Lego’s acquisition could change BrainPOP’s use in classroom


Photo 1 Caption: Brainpop is an educational website geared toward children that hosts well over 1,000 short animated videos paired with quizzes and other resources. Some subjects that Brainpop covers include science, math, social studies, arts, music, and technology. Photo courtesy of Wikimedia Commons

Technology has taken over the world since the turn of the millennium, and as a result, now heavily impacts schools and  is embedded into the education system.


From Google Classroom to BrainPOP, students use technology every single day to help them learn. Using Chromebooks and turning assignments in digitally has become the norm in schools everywhere.


“I would say that I definitely have done more school assignments digitally this year than I have on pencil and paper,” Harshad Karthikeyan, sixth grade communications major said. 


As technology creates a more effective and efficient way to keep track of assignments, it is also what makes some kids interested in learning in the first place.


“I have a very hard time paying attention when teachers are just up there talking while pointing at a board,” Carolina Ricci, eighth grade communications major said. “When teachers use sites like BrainPOP to teach, I automatically become more engaged in the class.”


On Oct. 11, BrainPOP  was purchased by one of the most popular toy companies in the world, Lego. There are mixed opinions about whether or not this change will positively or negatively affect the site and about whether or not BrainPOP will stay as popular as it currently is.


“I don’t think that Lego belongs in the formal education industry because I feel like they will make BrainPOP less informational and more playful,” Karthikeyan said. “Overall, I don’t think that this purchase will be beneficial for BrainPOP.”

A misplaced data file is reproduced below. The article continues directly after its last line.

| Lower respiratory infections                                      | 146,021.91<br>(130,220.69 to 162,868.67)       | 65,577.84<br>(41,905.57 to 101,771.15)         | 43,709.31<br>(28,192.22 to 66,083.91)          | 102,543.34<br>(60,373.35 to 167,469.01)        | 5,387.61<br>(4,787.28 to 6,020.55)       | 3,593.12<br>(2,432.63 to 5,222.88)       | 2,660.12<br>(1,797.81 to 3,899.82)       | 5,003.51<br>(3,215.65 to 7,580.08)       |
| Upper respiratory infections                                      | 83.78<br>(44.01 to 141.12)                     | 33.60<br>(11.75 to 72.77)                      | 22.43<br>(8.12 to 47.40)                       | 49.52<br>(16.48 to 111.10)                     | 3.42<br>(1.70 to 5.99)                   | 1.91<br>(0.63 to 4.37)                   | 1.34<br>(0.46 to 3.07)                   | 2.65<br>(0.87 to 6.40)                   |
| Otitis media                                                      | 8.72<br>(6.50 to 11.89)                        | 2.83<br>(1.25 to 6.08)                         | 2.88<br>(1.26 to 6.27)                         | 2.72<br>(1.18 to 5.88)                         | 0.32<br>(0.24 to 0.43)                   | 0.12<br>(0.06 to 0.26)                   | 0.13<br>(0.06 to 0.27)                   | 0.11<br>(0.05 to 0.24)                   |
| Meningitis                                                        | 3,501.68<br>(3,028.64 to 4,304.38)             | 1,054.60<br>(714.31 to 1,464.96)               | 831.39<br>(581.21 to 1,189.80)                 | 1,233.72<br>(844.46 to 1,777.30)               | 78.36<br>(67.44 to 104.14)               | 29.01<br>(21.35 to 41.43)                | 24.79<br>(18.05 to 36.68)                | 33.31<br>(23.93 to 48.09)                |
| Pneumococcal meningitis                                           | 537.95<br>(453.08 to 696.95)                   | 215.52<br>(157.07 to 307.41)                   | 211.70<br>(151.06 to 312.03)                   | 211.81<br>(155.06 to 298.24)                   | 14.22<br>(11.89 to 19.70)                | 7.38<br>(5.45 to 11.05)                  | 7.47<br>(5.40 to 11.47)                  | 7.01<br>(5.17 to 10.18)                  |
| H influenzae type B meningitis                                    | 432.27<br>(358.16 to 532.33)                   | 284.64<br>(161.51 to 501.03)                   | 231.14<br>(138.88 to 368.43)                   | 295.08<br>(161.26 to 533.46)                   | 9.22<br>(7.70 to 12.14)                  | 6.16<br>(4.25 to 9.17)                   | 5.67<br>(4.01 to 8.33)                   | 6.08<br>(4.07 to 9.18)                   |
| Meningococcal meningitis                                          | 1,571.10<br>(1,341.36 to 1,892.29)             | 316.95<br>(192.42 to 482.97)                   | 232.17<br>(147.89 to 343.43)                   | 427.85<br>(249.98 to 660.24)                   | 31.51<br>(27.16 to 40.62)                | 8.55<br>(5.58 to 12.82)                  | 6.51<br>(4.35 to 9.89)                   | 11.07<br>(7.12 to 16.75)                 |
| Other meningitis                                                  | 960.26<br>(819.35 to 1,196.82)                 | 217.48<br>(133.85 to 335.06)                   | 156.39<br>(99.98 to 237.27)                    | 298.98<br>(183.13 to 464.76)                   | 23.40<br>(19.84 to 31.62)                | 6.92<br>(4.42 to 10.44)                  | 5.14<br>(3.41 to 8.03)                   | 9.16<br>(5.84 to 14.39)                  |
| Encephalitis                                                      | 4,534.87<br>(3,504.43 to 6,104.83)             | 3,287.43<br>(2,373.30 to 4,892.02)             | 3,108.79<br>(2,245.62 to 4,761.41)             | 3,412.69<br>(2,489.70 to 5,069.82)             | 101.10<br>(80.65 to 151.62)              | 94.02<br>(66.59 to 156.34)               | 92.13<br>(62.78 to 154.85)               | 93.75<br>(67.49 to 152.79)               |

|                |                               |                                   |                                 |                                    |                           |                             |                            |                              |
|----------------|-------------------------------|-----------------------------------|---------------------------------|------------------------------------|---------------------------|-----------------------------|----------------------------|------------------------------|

Executive chairman of the Lego Brand Group,  Jørgen Vigdstorp confirmed Karthikeyan’s concerns when during an interview he said that Lego will be implementing its “playful” mentality into the formal education space of Brainpop. Ricci disagrees with Karthikeyan as she thinks this will improve the BrainPOP site.


“It is clear from Lego’s success in the past that they get how kids think and I think that this playful mentality Vigdstorp was referring to will help BrainPOP be more successful,” Ricci said. 


BrainPOP has been one of the most popular websites for teaching students since its launch. One of the main reasons why it is so popular with students is because of its recognizable video format that includes two animated characters: Tim and Moby.


“When the students see Tim and Moby on the board, I have noticed that they actually care about what they are watching and are excited to see what the two characters have to say,” Brittany Gardiner, seventh grade science teacher said.


Sites like BrainPOP are what make school interesting and fun for many students. Both Ricci and Karthikeyan agree that their education being “fun” is a priority to them.


“To put it in simple terms, when learning is boring, I don’t learn and retain information as well,” Ricci said. “Technology is primarily what makes school less boring.”


Clearly, students get excited about sites such as BrainPOP  and for many, it is the highlight of the school day when their teacher puts on Tim and Moby. However, there is no doubt that Lego’s purchase of the company will change how the site operates, whether it be for the better or worse.